THE MISSING PRINT
By Elspeth Menzies Findlay
Su-Lyn had emailed me over the past few months, about her planned trip to the Clan Gathering, and we had discovered that we had both booked into the same hotel. Good at last we would meet. Although The Highland Games in Aberfeldy had been cancelled, due to water logged grounds, we had all spent a very pleasant afternoon in the Dewar Room, watching the new video and a BBC programme about excavations at the castle, to discover a buried garden and bath house. I had hoped to see her there, but some how we had missed each other. I decided to go back to the hotel to check in and prepare for the Ceilidh at the castle.
As I walked into the hotel bar, there she was wrapped in her red and green tartan, sitting with her husband. How useful those Menzies sashes are to help identify "us" from all the other visitors who come to the area, in what is probably the busiest weekend of the year. Su-Lyn’s Scottish trip would require her to cope with small winding roads as the landslide had closed the main road north. People had still managed to travel via the old road, over the hill, and would have been well rewarded for their efforts. The sun had come out and Perthshire was looking spectacular. With no public transport from the castle to her hotel and no car hire readily available, she had taken it all in her stride, judging by her relaxed attitude. We exchanged greetings and I joined them for a chat.
She explained that her Dad, Alexander Oliver Menzies III, had left the U.K. to work in North America, where she had been brought up. She was now married, and had a family of her own, and had come to her first Clan Gathering in Scotland.
Her boss in California had suggested she look up friends of his, Graeme and Liz, who lived in Edinburgh, and who had a Menzies connection. Graeme's mother was a descendant of the famous shipbuilders in Leith, Messers Menzies. Founded in the 1780s by Robert Menzies of Kinghorn in Fife, some fine ships had been built at the Old Dock a print of one of these, Su-Lyn explained had been hanging on Graeme’s wall. The story went that his mother had been Robert Menzies's great-great- granddaughter. She had brought her three sons each a print of the launching in 1841 of one of their most famous ships. The Royal Mail Steamship "Forth" 1940 tons. The first steam ship built for the Royal Mail Lines and said to be the largest ever built in Leith. A crowd of sixty thousand spectators arrived to watch the launch. Two hundred and forty five feet in length, and with engines of two hundred and twenty five horse power, fitted up with separate cabins for 100 passengers, this was some ship captured on canvass. Originally painted by a famous marine artist, John Wilson Carmichael, four proof prints had been made from an engraving by E Duncan. It was the proof prints of this painting that the brothers held so dear. Su-Lyn went on, they know that there is a fourth print, but no-one knows where it is.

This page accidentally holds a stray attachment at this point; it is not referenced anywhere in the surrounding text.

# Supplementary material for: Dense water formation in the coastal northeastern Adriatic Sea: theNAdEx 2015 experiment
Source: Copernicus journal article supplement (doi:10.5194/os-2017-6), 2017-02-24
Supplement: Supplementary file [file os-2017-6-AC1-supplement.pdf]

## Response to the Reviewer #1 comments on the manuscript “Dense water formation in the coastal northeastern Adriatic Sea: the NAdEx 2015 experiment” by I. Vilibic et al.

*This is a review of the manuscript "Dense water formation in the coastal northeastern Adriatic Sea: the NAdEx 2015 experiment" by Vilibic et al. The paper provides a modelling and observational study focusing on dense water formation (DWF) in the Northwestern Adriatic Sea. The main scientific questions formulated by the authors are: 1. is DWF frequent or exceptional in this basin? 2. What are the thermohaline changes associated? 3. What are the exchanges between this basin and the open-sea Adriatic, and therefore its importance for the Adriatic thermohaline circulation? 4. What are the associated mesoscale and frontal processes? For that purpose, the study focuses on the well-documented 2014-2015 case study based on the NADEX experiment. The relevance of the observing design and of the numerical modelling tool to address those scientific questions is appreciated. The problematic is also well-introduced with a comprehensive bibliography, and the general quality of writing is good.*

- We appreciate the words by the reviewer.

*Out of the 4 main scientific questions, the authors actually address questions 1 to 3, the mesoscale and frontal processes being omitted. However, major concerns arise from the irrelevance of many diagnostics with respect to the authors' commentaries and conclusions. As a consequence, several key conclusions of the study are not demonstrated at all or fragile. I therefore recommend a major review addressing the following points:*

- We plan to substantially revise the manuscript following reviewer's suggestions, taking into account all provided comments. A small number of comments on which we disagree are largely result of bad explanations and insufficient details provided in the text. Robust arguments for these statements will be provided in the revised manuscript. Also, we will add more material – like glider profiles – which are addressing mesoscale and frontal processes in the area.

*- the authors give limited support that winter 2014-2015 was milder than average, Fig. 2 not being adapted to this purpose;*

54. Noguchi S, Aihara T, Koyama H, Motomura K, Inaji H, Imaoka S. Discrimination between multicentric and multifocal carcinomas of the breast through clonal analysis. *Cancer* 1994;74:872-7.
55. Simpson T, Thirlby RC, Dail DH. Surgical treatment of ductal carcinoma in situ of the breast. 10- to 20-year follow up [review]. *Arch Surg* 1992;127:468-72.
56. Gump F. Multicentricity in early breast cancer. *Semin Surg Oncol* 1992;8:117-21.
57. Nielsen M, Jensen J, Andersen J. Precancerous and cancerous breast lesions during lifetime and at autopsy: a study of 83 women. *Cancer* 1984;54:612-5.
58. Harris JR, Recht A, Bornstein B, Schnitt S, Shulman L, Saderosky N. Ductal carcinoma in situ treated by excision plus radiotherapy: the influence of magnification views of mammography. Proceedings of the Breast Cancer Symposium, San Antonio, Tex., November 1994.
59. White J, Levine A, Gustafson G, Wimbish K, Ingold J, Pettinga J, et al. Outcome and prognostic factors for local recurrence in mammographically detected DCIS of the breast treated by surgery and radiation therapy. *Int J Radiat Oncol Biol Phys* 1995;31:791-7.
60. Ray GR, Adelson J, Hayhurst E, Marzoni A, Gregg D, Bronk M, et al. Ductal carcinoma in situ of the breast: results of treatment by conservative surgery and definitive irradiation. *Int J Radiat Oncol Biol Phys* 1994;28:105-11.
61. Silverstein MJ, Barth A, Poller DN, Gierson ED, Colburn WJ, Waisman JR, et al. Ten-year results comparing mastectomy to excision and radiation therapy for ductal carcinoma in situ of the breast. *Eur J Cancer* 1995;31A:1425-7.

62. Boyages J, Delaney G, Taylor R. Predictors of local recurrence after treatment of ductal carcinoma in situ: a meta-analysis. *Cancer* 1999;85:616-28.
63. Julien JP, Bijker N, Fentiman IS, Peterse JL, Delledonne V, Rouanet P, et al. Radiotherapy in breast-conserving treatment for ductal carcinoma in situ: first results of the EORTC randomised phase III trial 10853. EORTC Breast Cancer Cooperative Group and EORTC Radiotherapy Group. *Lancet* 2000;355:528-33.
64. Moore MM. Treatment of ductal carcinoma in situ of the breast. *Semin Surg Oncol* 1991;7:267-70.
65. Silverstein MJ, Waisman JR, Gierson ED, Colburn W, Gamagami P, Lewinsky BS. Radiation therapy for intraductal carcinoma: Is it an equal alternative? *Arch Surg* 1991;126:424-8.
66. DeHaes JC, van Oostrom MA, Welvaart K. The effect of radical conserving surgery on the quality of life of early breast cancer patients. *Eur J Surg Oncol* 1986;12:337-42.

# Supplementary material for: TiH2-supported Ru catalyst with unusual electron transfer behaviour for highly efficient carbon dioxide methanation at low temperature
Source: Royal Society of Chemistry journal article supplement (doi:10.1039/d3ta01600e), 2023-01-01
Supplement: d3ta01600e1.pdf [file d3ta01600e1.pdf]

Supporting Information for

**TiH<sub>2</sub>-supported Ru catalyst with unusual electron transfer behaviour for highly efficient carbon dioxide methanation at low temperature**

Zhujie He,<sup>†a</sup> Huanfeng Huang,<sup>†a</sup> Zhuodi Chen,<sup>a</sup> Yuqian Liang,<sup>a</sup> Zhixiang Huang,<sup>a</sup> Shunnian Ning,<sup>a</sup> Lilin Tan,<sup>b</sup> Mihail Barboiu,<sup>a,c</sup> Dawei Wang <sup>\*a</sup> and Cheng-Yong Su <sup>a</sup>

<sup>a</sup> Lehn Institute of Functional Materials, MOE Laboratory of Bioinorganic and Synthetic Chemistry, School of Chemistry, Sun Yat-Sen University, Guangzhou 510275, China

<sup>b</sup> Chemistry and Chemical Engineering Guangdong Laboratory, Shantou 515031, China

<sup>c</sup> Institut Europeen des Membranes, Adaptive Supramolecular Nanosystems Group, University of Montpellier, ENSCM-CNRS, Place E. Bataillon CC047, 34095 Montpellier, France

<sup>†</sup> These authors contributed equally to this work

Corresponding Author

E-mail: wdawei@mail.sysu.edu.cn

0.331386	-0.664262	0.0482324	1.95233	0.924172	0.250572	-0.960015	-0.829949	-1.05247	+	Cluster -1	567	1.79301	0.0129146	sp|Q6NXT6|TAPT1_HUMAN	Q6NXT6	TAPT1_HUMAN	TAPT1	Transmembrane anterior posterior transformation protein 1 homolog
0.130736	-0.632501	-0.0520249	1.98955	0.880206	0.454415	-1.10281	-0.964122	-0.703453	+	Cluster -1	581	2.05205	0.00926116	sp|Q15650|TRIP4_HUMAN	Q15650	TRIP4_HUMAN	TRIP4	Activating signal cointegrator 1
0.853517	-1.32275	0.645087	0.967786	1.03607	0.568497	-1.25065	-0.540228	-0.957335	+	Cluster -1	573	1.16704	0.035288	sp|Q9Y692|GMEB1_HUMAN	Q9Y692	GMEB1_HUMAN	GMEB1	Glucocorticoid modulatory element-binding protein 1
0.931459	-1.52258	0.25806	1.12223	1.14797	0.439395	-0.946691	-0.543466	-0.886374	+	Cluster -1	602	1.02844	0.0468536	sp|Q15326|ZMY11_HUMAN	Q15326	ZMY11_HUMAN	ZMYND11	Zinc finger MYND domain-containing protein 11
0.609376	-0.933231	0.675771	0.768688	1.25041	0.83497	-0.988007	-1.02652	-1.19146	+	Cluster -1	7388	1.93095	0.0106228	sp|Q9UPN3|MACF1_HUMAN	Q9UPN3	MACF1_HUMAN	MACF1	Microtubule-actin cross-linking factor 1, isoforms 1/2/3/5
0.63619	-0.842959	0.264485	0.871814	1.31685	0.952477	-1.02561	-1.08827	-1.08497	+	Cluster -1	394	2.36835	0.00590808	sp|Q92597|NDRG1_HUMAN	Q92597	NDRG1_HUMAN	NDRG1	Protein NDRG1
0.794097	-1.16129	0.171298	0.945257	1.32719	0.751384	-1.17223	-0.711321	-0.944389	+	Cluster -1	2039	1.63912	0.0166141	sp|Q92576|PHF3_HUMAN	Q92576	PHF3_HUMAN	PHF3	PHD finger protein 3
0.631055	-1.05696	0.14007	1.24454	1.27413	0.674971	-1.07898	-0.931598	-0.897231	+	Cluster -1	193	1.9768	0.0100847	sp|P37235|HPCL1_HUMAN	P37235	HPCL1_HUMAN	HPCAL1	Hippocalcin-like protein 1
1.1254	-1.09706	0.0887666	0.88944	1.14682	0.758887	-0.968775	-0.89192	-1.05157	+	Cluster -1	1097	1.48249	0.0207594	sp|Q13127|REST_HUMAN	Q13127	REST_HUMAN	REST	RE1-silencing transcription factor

I gulped hard. A mental flashback to 1996 hit me. My husband was receiving his farewell gift from the staff of Radio Forth [194 meters] and being presented with a print of the Launching of the Royal Mail Steamship "Forth" 1940 tonnes.
"Su-Lyn" I said in a soft voice, "I
know where the missing print is."
"Elspeth where?" she replied
"On my dinning room wall."
Of course the story didn’t end there; Scotland is a small country. Su-Lyn’s connection to the print had another possible link. In the newspaper article, that Graeme showed me, on the back of his print was mention of a Miss Colville. Mr Menzies brought forward this young lady, who "placing in her hand the small decanter of wine, decorated with coloured ribbons, smashed it against the vessel’s side." Who was this Miss Colville? Was she perhaps related to Robert Colville, owner of a number of coasting vessels and who's son, David was to found David Colville and Sons, giants in the Scottish steel industry. They made malleable plates and angles for the Scottish shipyards and produced five of the largest Siemens furnaces in 1879 and in 1880 supplied iron bars for the building of the Tay Bridge and later the steel for the ill fated Titanic. They became Harland and Wolff in 1920. Su-Lyn had a great-aunt Colville. Is it possible that she was in the crowd that day and she was the young lady who Mr Menzies brought forward to smash the wine on the hull of the steam ship Forth? I like to think it’s possible.
Would anyone with information on the forefathers of Alexander
Oliver Menzies III whose father was born in Allness or Su-Lyn’s
Great Aunt Colville please contact